book review: Daisy Jones & The Six by Taylor Jenkins Reid



DAISY JONES & THE SIX by Taylor Jenkins Reid
Ballantine Books, March 5, 2019


For better or worse Daisy Jones & The Six is a big departure from Taylor Jenkins Reid’s 2017 bestseller The Seven Husbands of Evelyn Hugo, and though I’m sure this one will do equally well commercially, I’m not convinced that it will win the hearts of quite as many readers. The format takes some getting used to – it’s a series of interviews woven together from members of a Fleetwood Mac-inspired fictional band, and as such the entire novel is essentially told in dialogue. I’m not sure every reader will be able to get over that hurdle and settle into the novel’s rhythm, but I ended up really enjoying this.

I do have a few qualms, so let’s get those out of the way. While I thought the interview format was ultimately the right choice for this story, it led to a few awkward passages, as the only descriptions of setting we got were from the characters themselves, and there were some moments that felt wildly inauthentic to me – someone remembering exactly what a character was wearing 30 years ago, or describing a perfectly ordinary occurrence with a kind of poetic language that didn’t ring true for the circumstances in which the interview was being conducted. I know that Taylor Jenkins Reid probably had to take some poetic license here lest her dialogue come across as flat and stilted, but it didn’t always work for me.

I also wasn’t terribly impressed with the construction of the supporting characters; all of the male characters were essentially interchangeable, and I found myself frustrated with Camila’s portrayal as this utter paragon of goodness (I’m glad Taylor Jenkins Reid didn’t want to pigeonhole her into the ‘jealous wife’ role, but I think she overcompensated too much in the other direction – she was just unrealistically stolid).

Sorry, that was a lot of negativity for a book I ultimately enjoyed. Let’s get to the good stuff. This is a glorious portrayal of the 70s rock scene in LA; not to fall back on a cliche and say that this book is all about sex, drugs, and rock and roll, but it kind of is, in a way that felt both nuanced and convincing. No one does atmosphere quite like Taylor Jenkins Reid – in both of her novels that I’ve read I’ve just been so immersed into a period of twentieth century history that I didn’t think I cared all that much about, only to be riveted by her ability to evoke time and place, and use the setting to explore such brilliant character dynamics.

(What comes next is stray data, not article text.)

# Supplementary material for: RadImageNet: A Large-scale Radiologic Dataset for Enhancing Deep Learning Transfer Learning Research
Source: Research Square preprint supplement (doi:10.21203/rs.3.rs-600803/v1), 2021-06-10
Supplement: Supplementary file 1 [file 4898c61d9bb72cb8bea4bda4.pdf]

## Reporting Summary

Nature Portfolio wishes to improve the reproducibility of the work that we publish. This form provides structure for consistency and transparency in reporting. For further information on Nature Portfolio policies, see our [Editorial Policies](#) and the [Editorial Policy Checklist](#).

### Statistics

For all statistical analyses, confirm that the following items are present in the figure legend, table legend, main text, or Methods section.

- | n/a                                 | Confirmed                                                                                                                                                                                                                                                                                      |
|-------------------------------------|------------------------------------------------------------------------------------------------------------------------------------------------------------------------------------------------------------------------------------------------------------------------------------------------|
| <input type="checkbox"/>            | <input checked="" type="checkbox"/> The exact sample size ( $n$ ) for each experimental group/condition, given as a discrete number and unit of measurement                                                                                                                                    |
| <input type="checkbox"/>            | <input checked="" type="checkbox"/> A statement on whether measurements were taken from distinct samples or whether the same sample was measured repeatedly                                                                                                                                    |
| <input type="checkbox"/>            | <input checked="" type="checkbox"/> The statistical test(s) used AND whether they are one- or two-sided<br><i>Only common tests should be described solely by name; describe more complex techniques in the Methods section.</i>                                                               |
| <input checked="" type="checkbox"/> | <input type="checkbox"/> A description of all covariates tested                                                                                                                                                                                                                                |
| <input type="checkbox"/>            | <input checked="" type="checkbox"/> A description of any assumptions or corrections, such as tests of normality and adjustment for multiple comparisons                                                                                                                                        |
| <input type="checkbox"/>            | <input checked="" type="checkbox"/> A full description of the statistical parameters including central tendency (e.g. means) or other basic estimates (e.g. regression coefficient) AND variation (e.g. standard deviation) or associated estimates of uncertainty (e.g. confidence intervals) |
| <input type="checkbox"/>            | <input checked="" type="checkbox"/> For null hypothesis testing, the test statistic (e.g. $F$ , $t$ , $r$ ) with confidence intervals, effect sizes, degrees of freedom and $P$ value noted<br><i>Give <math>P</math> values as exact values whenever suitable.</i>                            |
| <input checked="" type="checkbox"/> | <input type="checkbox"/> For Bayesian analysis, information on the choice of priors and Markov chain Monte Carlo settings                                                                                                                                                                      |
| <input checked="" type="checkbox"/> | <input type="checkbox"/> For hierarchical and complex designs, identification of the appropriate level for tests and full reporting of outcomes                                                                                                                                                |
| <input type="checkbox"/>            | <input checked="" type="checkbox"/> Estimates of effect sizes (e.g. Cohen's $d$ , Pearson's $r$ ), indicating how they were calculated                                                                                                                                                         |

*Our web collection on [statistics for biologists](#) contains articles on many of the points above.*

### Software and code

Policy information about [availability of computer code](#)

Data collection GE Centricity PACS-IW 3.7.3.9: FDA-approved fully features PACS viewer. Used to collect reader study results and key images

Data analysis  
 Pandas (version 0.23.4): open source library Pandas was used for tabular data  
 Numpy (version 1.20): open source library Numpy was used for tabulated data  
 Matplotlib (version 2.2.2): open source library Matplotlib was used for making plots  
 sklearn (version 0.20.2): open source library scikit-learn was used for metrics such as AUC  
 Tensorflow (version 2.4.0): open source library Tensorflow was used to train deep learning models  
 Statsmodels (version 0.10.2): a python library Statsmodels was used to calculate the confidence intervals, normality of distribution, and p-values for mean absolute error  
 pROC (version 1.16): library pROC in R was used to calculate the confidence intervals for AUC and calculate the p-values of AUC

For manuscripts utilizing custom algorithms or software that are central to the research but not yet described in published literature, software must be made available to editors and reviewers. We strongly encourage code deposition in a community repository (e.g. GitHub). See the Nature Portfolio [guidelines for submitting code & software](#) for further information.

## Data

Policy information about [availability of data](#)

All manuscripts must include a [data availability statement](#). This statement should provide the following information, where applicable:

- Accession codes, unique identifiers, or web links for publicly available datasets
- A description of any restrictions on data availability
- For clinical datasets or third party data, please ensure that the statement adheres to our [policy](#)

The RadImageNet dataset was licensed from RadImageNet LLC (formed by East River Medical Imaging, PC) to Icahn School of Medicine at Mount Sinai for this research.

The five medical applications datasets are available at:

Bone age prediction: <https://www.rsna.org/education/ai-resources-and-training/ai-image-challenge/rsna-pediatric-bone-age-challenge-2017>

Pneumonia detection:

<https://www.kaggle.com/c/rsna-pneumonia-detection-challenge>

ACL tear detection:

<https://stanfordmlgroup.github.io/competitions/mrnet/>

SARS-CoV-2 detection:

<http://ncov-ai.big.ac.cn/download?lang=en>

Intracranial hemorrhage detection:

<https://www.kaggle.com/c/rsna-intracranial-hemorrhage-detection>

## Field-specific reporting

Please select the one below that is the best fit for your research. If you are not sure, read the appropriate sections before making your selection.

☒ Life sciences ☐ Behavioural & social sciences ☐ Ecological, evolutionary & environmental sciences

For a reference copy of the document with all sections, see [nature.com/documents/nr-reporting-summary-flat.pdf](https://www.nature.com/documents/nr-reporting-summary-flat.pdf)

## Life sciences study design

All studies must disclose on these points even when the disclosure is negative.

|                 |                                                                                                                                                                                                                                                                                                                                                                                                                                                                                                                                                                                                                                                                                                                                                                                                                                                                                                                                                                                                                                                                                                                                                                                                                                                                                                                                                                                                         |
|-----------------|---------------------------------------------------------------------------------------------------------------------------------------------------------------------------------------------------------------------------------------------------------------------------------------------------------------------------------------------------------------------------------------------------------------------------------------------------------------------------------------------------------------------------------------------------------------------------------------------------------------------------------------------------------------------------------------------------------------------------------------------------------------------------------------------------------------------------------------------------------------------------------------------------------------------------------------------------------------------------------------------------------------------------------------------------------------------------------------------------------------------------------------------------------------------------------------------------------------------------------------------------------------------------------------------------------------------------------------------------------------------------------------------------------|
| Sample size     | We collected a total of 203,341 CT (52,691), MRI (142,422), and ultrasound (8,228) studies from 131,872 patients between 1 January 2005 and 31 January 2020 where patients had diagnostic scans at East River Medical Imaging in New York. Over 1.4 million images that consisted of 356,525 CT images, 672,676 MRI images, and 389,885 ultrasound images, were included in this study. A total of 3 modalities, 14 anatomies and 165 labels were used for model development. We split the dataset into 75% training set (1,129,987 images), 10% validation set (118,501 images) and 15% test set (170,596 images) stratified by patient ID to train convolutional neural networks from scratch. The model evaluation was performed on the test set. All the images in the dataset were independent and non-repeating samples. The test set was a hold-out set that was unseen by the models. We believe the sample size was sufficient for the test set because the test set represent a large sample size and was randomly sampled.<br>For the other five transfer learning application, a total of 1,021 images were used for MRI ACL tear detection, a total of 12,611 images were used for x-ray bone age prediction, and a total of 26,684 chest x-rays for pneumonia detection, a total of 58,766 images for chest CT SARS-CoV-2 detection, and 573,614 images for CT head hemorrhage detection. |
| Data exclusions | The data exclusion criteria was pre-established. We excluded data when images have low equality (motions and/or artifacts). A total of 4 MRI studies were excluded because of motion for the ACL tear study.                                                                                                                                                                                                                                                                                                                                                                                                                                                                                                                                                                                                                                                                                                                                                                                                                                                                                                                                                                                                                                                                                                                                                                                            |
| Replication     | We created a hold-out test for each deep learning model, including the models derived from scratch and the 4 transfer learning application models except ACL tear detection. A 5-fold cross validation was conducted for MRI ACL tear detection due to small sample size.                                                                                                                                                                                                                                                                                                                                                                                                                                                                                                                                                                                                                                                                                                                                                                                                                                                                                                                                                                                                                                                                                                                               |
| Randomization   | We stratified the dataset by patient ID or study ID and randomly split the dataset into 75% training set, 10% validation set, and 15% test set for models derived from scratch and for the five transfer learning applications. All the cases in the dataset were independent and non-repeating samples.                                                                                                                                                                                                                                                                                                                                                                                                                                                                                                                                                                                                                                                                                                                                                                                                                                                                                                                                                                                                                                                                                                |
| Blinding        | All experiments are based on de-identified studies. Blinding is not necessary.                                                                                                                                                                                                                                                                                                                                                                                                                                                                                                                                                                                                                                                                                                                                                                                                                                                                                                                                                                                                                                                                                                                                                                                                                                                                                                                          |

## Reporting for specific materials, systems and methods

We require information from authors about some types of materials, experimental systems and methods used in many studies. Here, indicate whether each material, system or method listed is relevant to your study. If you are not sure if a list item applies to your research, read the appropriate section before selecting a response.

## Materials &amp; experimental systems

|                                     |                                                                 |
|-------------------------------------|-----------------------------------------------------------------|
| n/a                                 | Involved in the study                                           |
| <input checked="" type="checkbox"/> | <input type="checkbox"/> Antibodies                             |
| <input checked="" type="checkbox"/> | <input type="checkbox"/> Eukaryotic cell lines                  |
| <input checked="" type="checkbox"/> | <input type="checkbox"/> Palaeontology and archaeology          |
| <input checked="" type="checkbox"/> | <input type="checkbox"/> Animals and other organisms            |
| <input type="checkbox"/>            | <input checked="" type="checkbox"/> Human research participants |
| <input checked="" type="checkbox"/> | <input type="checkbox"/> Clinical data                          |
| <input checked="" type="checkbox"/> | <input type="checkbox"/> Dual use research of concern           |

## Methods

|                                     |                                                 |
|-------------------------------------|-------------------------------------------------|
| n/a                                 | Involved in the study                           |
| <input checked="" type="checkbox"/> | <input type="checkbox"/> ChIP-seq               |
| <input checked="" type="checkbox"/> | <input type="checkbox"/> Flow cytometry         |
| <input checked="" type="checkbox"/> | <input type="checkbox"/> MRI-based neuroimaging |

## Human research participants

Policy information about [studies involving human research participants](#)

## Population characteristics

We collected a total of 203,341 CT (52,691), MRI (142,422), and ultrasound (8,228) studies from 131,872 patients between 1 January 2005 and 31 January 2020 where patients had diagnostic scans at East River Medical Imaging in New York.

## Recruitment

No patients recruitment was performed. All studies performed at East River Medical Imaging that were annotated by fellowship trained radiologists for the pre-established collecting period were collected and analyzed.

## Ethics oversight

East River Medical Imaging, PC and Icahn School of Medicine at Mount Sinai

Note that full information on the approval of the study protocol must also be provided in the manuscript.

Which brings us to the other wonderful thing about this book. The chemistry between the band’s two leads, Daisy and Billy, leaps off the page – if you aren’t forcibly drawn into their thorny dynamic I don’t even know what to tell you. And one last note: Karen! I cannot even explain how delighted I was to see a female character who knows she does not want children and knows her own mind enough that she’s never questioned it. I feel like narratives about women not wanting children are often fraught with self-doubt, and it’s not that I think these narratives are unrealistic, but they don’t speak for every woman who decides to remain childless, and I just have never been happier with a portrayal of this than in this book.

So all in all, a mixed bag, but the good really did outweigh the bad for me, and I ultimately thought this was fun and quietly tragic all at once.

Thank you to Netgalley and Ballantine for the advanced copy provided in exchange for an honest review.

Pick up a copy of Daisy Jones & The Six here on Book Depository.

book review: The Seven Husbands of Evelyn Hugo by Taylor Jenkins Reid



Atria Books, 2017

The Seven Husbands of Evelyn Hugo is the most wonderfully immersive book I could have chosen to read over a weekend when I desperately needed an escape from reality. I hadn’t really heard much about the plot of this book going into it, and honestly, that’s how I’d recommend approaching it if at all possible, because it just sweeps you up into such a compelling and unexpected tale from the very first page.

The characters in this book are all brilliant and well-crafted, none more so than Evelyn, our ruthless and at times unlikable protagonist. If you’re familiar with my tastes, you’ll know that I absolutely adore antiheroines when well written, and Evelyn is so vibrant and multifaceted she practically jumps off the page. Though it’s only been a few days since I’ve finished this, I can already tell that Evelyn is going to be utterly unforgettable. But Evelyn didn’t entirely steal the show away from this book’s host of intriguing supporting characters – each one of them was so three-dimensional it was easy to forget this story is entirely fictional.

There were several elements that ended up being hugely pleasant surprises – the inclusion of several LGBT+ characters being the main one (I won’t say too much more here so I don’t spoil anything, but, suffice to say this book is not half as heterosexual as its title would imply). What also surprised me was how invested I became in this story. I flew through this 400-page long book in only 2 days – I couldn’t put it down and I was rewarded with a conclusion so beautiful and bittersweet it brought me to tears.

Everyone should read this book. I realize I’ve said absolutely nothing about the actual plot here, but this is a ‘take my word for it’ type situation if I ever saw one.